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Palæstina Prima or Palaestina I was a Byzantine province from 390, until the 7th century. It was lost to the Jewish Sassanid Commonwealth in 614, but was re-annexed in 628, before its final loss during the Muslim conquest of Syria in 636.
The area became organized under late Roman Empire as part of the Diocese of the East, in which it was included together with the provinces of Isauria, Cilicia, Cyprus (until 536), Euphratensis, Mesopotamia, Osroene, Phoenice and Arabia Petraea. Under Byzantium, a new subdivision did further split the province of Cilicia into Cilicia Prima, Cilicia Secunda; Syria Palaestina was split into Syria Prima, Syria Salutaris, Phoenice Lebanensis, Palaestina Prima, Palaestina Secunda and eventually also Palaestina Salutaris (in 6th century).
Despite Christian domination, through 4th and 5th centuries Samaritans developed a semi-autonomy in the hill country of Samaria, a move which gradually escalated into a series of open revolts. The four major Samaritan Revolts during this period caused a near extinction of Samaritan community, as well as significant Christian losses. In the late 6th century, Byzantines and their Christian Ghassanid allies took a clear upper hand in the struggle.
In 614, Palaestina Prima and Palaestina Secunda were conquered by a joint Sassanid and Jewish army, creating a short-living Jewish Sassanid Commonwealth. The event shocked the Christian society, as many of its churches were destroyed and the True Cross taken by the Persians to Ctesiphon. After withdrawal of the Persian troops and the subsequent surrender of the local Jewish rebels, the area was re-annexed by Byzantium in 628.
Byzantine control of the province was again and irreversibly lost in 636, during the Muslim conquest of Syria.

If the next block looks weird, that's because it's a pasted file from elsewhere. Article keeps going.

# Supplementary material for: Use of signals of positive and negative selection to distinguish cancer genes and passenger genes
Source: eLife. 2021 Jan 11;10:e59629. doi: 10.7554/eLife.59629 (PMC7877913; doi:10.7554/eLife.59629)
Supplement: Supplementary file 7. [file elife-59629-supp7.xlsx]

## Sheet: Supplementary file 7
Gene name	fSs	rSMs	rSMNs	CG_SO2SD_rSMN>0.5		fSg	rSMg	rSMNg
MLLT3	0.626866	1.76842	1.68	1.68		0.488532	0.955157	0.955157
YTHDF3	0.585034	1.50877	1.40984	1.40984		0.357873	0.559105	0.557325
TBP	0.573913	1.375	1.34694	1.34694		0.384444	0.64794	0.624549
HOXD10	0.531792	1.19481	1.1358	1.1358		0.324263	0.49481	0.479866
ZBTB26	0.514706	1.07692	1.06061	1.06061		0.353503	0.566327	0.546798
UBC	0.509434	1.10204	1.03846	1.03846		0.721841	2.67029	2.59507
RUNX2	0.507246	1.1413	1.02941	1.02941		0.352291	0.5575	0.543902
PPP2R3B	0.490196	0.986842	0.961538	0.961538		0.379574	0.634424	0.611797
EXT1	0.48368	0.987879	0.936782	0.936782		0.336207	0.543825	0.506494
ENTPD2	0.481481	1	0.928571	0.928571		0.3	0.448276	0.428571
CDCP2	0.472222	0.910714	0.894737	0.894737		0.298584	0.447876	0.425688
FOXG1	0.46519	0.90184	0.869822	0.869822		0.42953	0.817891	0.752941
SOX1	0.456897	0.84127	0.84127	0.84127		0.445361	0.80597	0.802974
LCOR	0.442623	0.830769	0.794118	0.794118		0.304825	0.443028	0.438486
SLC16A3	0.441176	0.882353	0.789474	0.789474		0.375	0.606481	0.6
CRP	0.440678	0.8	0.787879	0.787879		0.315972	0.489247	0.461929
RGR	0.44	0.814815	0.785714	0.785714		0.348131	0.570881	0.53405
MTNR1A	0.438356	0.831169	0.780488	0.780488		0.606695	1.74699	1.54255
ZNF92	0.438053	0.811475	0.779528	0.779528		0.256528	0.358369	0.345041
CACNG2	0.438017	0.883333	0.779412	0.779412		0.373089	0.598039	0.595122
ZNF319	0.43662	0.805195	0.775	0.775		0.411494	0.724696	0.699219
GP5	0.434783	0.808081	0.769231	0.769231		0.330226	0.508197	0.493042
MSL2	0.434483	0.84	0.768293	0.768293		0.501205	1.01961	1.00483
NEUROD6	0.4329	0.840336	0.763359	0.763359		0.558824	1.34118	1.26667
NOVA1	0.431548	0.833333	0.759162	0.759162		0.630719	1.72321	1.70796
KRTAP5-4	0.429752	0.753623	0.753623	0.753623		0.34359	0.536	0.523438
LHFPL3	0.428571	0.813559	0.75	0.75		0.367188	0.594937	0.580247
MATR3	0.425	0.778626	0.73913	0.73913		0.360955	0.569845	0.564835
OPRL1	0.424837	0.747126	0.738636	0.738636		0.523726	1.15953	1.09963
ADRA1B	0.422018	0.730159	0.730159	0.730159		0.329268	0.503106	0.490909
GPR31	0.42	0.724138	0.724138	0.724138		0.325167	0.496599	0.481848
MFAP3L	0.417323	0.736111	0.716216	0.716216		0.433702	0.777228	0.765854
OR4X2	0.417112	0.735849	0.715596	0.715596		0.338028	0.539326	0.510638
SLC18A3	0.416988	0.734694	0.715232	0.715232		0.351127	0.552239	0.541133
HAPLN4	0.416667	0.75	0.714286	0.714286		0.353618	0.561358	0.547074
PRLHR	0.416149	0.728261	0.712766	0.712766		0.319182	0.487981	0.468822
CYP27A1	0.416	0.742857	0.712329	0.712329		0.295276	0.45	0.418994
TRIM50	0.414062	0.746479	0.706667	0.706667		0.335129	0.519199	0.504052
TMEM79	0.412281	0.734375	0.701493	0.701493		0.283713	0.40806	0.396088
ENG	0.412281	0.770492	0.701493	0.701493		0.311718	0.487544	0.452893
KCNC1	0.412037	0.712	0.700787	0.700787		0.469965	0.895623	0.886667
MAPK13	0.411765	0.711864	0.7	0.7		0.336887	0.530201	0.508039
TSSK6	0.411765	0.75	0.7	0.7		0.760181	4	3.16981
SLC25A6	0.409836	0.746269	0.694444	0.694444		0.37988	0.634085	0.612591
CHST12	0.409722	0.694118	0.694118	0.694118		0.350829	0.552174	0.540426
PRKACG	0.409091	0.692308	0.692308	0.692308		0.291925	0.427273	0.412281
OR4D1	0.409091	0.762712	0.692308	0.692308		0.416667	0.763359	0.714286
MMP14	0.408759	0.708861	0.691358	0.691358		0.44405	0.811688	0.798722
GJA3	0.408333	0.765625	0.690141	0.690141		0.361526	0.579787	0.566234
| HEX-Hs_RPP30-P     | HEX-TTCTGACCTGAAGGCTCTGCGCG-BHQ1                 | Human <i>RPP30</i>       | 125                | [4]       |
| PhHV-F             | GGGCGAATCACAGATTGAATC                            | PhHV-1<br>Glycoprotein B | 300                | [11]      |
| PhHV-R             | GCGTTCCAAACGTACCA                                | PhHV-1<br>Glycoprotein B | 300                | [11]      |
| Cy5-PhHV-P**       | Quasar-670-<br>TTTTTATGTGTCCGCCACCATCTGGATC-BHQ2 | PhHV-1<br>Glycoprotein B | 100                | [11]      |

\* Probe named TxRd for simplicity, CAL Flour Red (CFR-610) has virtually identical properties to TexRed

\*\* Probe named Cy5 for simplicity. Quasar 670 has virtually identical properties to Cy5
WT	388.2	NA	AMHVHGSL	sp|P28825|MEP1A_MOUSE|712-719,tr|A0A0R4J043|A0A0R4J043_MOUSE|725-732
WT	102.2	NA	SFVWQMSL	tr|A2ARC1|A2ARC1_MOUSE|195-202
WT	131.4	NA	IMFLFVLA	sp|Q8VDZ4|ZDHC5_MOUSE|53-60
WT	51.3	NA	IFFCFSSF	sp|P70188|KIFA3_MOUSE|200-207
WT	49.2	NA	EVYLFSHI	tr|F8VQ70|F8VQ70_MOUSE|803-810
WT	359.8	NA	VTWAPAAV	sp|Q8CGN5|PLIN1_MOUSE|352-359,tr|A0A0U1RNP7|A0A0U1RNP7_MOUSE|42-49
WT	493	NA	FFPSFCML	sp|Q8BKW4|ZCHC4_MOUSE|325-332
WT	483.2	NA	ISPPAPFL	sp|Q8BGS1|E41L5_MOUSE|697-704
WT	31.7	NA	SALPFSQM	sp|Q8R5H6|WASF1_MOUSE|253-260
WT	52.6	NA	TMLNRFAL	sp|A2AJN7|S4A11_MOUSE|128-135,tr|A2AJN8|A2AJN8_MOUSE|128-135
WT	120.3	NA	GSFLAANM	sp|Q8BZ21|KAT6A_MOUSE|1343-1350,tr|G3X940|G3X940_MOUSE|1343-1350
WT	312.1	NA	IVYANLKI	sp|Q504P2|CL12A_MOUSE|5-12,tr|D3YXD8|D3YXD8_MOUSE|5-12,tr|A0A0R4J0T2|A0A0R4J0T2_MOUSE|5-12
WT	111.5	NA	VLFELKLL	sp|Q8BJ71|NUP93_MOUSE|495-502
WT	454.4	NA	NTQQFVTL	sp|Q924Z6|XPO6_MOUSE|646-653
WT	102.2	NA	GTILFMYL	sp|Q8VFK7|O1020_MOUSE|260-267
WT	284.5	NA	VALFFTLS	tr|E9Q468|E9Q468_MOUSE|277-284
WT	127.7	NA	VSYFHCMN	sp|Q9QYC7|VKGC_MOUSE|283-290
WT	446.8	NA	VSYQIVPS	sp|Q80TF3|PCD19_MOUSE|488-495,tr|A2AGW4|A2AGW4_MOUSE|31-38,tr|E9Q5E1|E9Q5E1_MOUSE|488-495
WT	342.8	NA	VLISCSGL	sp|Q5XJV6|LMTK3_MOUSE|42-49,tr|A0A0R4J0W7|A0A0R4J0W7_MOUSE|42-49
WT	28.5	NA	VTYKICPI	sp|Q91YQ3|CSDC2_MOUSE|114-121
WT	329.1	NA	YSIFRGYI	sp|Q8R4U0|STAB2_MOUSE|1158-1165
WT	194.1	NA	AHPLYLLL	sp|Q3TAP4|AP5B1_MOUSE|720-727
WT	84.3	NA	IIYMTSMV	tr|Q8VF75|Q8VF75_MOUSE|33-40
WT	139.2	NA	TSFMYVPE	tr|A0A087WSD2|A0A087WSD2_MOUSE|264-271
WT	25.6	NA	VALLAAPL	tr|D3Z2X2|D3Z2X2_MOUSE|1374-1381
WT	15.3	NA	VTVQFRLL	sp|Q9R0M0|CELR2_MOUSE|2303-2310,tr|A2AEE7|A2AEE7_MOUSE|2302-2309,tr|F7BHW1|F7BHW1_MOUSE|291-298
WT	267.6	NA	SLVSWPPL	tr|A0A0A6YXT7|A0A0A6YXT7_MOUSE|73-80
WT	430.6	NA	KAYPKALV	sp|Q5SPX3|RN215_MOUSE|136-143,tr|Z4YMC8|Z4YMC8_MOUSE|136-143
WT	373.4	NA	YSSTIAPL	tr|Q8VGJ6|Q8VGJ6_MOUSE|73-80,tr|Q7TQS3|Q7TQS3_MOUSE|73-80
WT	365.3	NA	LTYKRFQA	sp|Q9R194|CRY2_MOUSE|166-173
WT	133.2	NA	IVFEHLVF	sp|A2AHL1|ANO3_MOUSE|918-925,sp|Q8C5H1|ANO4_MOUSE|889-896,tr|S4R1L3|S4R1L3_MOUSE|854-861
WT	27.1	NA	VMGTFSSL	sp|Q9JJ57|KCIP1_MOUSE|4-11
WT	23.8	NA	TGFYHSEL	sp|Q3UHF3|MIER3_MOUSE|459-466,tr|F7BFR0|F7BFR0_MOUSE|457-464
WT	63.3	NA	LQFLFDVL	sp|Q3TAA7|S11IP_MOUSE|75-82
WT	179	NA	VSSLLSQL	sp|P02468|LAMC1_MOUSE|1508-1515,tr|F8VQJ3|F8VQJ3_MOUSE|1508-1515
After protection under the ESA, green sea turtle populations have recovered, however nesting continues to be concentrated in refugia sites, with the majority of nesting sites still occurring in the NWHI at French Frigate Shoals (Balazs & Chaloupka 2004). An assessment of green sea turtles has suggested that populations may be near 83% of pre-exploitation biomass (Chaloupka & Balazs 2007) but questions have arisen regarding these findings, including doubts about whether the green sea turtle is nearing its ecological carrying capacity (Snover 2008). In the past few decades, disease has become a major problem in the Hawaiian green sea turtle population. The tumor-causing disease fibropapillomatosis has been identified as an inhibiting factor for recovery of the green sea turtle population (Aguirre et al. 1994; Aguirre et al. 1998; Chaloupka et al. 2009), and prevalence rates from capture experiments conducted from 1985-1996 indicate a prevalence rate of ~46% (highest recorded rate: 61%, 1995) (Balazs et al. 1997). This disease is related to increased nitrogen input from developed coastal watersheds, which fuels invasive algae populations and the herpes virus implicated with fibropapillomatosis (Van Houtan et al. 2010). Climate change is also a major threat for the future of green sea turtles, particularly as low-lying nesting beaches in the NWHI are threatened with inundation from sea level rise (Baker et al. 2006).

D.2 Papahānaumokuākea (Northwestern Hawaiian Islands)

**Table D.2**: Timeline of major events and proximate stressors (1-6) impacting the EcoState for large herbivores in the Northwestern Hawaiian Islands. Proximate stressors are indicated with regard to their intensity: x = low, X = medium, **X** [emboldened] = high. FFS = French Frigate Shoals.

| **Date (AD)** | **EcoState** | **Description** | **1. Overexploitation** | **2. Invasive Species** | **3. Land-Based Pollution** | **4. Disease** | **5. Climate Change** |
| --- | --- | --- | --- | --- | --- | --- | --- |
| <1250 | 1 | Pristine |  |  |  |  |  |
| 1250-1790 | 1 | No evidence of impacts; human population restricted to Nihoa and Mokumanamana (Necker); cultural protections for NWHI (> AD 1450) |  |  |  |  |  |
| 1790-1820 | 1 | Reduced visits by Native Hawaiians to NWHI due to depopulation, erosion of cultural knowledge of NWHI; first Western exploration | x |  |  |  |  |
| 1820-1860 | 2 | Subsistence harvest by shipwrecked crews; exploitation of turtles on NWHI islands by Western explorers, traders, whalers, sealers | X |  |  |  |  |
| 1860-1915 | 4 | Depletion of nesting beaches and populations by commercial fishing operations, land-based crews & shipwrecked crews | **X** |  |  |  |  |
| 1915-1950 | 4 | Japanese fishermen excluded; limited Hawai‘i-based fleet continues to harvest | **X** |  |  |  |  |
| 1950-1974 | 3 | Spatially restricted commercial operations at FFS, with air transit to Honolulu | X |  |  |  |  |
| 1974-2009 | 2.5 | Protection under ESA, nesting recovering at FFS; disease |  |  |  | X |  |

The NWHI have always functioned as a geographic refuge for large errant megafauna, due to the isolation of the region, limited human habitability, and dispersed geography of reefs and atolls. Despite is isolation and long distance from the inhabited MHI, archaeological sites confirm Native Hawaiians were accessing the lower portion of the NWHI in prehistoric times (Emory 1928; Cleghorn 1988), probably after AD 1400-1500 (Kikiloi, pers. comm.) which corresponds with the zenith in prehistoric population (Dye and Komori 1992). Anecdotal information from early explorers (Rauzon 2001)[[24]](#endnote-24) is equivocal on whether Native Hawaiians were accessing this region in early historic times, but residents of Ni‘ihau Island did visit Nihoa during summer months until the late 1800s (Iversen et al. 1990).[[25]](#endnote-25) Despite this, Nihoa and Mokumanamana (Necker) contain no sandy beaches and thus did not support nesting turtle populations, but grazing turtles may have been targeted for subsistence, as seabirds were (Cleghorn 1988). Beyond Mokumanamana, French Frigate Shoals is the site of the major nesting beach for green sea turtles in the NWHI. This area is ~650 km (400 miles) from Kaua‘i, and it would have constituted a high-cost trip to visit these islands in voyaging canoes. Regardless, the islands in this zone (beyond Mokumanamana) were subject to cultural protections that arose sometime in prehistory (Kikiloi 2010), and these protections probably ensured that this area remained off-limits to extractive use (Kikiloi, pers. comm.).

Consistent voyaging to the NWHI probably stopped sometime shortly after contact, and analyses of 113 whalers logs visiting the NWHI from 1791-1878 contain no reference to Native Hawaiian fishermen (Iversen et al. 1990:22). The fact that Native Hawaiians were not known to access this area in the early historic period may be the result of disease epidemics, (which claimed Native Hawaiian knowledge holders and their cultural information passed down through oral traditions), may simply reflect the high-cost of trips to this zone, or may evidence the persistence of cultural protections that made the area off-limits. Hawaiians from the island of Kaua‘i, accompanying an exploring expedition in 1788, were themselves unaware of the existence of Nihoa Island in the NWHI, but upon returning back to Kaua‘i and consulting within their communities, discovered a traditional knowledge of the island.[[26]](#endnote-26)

The province of Palaestina Prima included a mixed Greek and Aramaic-speaking population, with Greek and Roman Christian Byzantines (Melchites) forming one of its largest demographic groups. Samaritans were the second dominating group, which populated most of the hill country of Samaria, numbering around one million in the 4th and 5th centuries. Minorities of Jews, Christian Ghassanids and Nabateans were present as well, as the first formed a majority in the neighbouring Palaestina Secunda (the Galilee) and the second and third roaming the southern and eastern deserts of Arabia.
During the Byzantine period, Palestina Prima gradually became the center of Christianity, attracting numerous monks and religious scholars, and abandoning previous Roman and hellenistic cults.
Mosaic religion was still at large during from 4th until the 6th centuries, practiced by ethnoreligious communities of Samaritans and Jews. However, with the decline of the Samaritan and Jewish populations by the 6th and 7th century, the religion declined as well. By the late Byzantine period fewer synagogues could be found and many were destroyed in violent events.
See also 
- Lehmann, Clayton Miles (Summer 1998). "Palestine: History: 135–337: Syria Palaestina and the Tetrarchy". The On-line Encyclopedia of the Roman Provinces. University of South Dakota. Retrieved 2009-01-06.
- Greatrex-Lieu(2002), II, 196